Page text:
The Uffizi is one of the world’s great galleries, given its large collection of Renaissance works. Cosimo I de’ Medici commissioned the building in 1560 as offices – uffizi is the Italian word for offices.

Some of the famous works on view here are Botticelli’s The Birth of Venus and Primavera, Leonardo da Vinci’s The Annunciation, Michelangelo’s The Holy Family, and Piero della Francesca’s Diptych of Duke Federico da Montefeltro and Duchess Battista. The wall-mounted statues of famous artists near the entrance are worth taking a close look at.

The birth of Venus Botticelli Florence
The Birth of Venus by Sandro Botticelli

This bridge spanning the Arno River is another one of the well-known Florence landmarks. The history of this three-arched bridge is sketchy but the current construct was built in the 14th century.

Since its inception, a variety of retailers and tradespeople operated from Ponte Vecchio. Since the 16th century, only goldsmiths and jewellers have been permitted to operate.

Ponte Vecchio Florence
Ponte Vecchio

Like The Uffizi, Galleria dell’Accademia is also one of Europe’s most notable and varied galleries. It houses a mix of paintings from various periods, sculptures, musical instruments and historical documents. However, the gallery’s most distinguished work is the hugely popular statue of David by Michelangelo.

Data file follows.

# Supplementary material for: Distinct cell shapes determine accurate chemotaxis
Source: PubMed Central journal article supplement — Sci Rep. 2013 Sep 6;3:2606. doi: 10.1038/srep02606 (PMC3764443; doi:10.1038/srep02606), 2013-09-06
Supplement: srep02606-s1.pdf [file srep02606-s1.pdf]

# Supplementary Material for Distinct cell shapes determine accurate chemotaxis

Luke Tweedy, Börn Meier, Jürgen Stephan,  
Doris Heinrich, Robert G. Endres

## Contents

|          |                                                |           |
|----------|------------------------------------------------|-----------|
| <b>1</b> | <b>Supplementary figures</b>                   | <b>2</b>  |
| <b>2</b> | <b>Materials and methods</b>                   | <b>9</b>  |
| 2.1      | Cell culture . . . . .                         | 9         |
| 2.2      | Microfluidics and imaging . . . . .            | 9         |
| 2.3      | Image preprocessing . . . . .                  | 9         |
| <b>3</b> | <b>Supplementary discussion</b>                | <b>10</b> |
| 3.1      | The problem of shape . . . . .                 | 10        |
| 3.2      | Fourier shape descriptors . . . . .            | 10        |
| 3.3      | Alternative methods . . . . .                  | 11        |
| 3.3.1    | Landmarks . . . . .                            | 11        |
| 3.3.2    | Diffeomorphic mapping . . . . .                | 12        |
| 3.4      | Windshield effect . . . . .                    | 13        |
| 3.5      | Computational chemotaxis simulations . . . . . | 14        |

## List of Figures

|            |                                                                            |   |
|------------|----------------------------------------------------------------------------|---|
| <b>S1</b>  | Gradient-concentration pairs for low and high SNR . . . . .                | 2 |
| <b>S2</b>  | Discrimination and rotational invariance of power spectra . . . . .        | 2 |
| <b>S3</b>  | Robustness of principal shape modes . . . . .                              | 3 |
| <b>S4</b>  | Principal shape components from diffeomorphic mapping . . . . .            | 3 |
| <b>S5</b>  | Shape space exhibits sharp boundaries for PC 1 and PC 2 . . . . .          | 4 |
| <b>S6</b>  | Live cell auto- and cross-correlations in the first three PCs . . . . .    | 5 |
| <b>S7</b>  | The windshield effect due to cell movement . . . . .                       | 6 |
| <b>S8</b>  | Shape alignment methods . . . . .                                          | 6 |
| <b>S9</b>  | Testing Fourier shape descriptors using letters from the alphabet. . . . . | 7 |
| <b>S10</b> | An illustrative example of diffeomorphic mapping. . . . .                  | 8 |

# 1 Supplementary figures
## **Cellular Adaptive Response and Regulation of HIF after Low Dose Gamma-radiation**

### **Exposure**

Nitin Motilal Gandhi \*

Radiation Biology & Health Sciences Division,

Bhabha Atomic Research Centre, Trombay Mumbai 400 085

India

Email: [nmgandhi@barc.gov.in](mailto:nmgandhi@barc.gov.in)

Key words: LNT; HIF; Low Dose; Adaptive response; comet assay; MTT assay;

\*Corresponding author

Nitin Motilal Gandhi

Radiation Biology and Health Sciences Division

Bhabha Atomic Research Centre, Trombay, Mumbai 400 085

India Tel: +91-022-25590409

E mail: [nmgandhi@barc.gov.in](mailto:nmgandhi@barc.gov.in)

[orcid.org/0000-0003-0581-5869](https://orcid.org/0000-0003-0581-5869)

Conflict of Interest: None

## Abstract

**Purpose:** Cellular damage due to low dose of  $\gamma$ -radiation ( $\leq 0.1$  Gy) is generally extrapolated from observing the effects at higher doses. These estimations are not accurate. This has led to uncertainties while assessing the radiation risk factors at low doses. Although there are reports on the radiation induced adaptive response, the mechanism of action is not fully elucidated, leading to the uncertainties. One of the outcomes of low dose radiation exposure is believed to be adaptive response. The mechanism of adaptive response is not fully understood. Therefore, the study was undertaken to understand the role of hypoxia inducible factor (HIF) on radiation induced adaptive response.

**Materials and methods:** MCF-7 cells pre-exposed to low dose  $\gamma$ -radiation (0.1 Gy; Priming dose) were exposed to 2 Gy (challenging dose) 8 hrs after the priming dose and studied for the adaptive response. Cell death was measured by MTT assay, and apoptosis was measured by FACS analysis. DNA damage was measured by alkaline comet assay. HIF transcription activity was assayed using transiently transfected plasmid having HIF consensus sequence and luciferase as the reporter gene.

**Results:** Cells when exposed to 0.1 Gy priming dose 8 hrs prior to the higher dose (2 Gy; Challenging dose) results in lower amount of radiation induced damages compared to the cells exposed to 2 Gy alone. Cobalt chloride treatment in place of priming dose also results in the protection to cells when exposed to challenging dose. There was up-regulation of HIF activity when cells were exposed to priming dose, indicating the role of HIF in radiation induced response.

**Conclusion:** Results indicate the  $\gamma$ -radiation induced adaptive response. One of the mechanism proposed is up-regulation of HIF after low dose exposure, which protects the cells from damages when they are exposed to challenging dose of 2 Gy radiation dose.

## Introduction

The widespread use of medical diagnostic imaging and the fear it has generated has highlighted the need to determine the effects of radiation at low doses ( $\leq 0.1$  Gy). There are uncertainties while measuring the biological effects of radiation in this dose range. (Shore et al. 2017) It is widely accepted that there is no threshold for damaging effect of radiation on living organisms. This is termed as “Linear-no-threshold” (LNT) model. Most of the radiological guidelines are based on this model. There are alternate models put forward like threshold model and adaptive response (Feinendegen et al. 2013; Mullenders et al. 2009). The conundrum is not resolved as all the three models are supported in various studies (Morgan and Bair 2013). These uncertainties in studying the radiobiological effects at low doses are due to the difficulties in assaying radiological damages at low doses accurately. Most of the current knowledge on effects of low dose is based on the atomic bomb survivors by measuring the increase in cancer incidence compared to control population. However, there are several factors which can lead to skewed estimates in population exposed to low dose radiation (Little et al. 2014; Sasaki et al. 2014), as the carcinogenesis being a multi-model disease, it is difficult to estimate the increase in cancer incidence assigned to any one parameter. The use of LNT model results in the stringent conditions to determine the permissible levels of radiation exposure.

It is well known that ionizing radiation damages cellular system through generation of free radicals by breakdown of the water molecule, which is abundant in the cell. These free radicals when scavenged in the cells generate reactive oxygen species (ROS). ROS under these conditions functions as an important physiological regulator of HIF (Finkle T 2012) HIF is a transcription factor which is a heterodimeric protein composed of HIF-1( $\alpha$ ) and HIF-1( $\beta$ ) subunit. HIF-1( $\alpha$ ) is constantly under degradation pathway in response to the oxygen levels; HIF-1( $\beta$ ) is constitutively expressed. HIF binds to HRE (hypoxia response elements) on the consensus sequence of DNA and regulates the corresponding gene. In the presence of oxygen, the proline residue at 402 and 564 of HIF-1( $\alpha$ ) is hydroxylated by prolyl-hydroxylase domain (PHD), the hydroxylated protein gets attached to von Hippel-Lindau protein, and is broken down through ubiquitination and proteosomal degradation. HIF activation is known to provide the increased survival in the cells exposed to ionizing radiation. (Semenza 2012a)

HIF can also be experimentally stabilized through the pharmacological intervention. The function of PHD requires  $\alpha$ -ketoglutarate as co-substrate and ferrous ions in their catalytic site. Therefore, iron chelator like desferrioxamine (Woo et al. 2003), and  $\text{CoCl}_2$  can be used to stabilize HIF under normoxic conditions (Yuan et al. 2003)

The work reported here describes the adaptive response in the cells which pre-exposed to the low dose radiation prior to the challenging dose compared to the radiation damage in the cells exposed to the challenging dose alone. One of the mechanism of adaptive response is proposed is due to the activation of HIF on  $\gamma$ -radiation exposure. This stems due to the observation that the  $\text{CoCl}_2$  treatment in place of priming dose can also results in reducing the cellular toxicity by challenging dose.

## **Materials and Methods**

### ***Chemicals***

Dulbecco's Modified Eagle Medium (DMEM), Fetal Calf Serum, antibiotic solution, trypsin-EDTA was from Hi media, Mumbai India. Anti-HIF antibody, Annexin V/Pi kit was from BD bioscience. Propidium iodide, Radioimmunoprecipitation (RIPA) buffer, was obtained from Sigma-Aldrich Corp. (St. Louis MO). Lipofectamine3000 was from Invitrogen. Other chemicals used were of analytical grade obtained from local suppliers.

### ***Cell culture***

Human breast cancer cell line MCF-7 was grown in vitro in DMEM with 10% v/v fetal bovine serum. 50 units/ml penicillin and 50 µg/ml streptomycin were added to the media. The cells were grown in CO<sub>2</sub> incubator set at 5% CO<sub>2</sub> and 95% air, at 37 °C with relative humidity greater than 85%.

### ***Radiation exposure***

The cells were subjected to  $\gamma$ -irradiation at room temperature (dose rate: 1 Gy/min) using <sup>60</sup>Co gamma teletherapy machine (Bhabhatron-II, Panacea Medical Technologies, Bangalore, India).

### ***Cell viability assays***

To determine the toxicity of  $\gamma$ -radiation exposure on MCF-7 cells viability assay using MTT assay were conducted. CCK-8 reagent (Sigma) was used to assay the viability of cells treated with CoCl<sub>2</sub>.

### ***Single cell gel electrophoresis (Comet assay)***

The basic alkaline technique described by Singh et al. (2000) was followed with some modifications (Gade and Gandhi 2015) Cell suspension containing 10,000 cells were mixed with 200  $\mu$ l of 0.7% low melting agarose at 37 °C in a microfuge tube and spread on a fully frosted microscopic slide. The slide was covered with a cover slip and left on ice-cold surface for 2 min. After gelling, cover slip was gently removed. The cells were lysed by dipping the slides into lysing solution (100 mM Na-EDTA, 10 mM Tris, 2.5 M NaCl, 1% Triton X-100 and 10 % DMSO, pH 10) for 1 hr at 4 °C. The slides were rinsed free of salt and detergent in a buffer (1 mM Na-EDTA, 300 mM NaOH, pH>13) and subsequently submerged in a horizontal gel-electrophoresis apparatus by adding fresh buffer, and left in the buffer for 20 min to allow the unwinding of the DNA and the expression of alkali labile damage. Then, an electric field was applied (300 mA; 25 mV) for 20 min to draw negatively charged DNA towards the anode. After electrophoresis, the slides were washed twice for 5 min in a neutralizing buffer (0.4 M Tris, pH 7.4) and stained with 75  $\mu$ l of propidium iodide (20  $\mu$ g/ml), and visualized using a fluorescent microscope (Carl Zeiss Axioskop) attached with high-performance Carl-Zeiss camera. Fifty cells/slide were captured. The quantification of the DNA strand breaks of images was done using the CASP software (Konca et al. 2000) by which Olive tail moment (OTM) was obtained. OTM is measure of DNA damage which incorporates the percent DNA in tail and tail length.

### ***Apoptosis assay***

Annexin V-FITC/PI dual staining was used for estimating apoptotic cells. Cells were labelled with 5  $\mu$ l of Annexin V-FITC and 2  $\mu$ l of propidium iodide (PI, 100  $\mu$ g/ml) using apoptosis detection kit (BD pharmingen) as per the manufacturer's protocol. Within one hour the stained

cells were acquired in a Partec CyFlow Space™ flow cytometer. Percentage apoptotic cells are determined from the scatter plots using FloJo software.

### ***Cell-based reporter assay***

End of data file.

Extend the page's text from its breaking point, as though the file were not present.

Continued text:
More of an experience than a landmark, Florence at a slight altitude is as mesmerising as it is on terra firma. Florence’s red-tile skyline is dominated by Brunelleschi’s cathedral dome with a backdrop of mountains.

To see the red tiles absorb the evening sun and encounter no queues, head to a rooftop bar for a memorable experience. Alternatively, head to the hilltop square of Piazzale Michelangelo on the southside of the river for the quintessential view of Florence’s skyline.


How many days do you need in Florence?

That depends on what you want to see and whether you will take days trips to other parts of Tuscany. Because of the crowds, all of the above Florence landmarks will take 2-3 days to see. Even without the crowds, Florence is a city with so much detail it needs to be savoured rather than skimmed.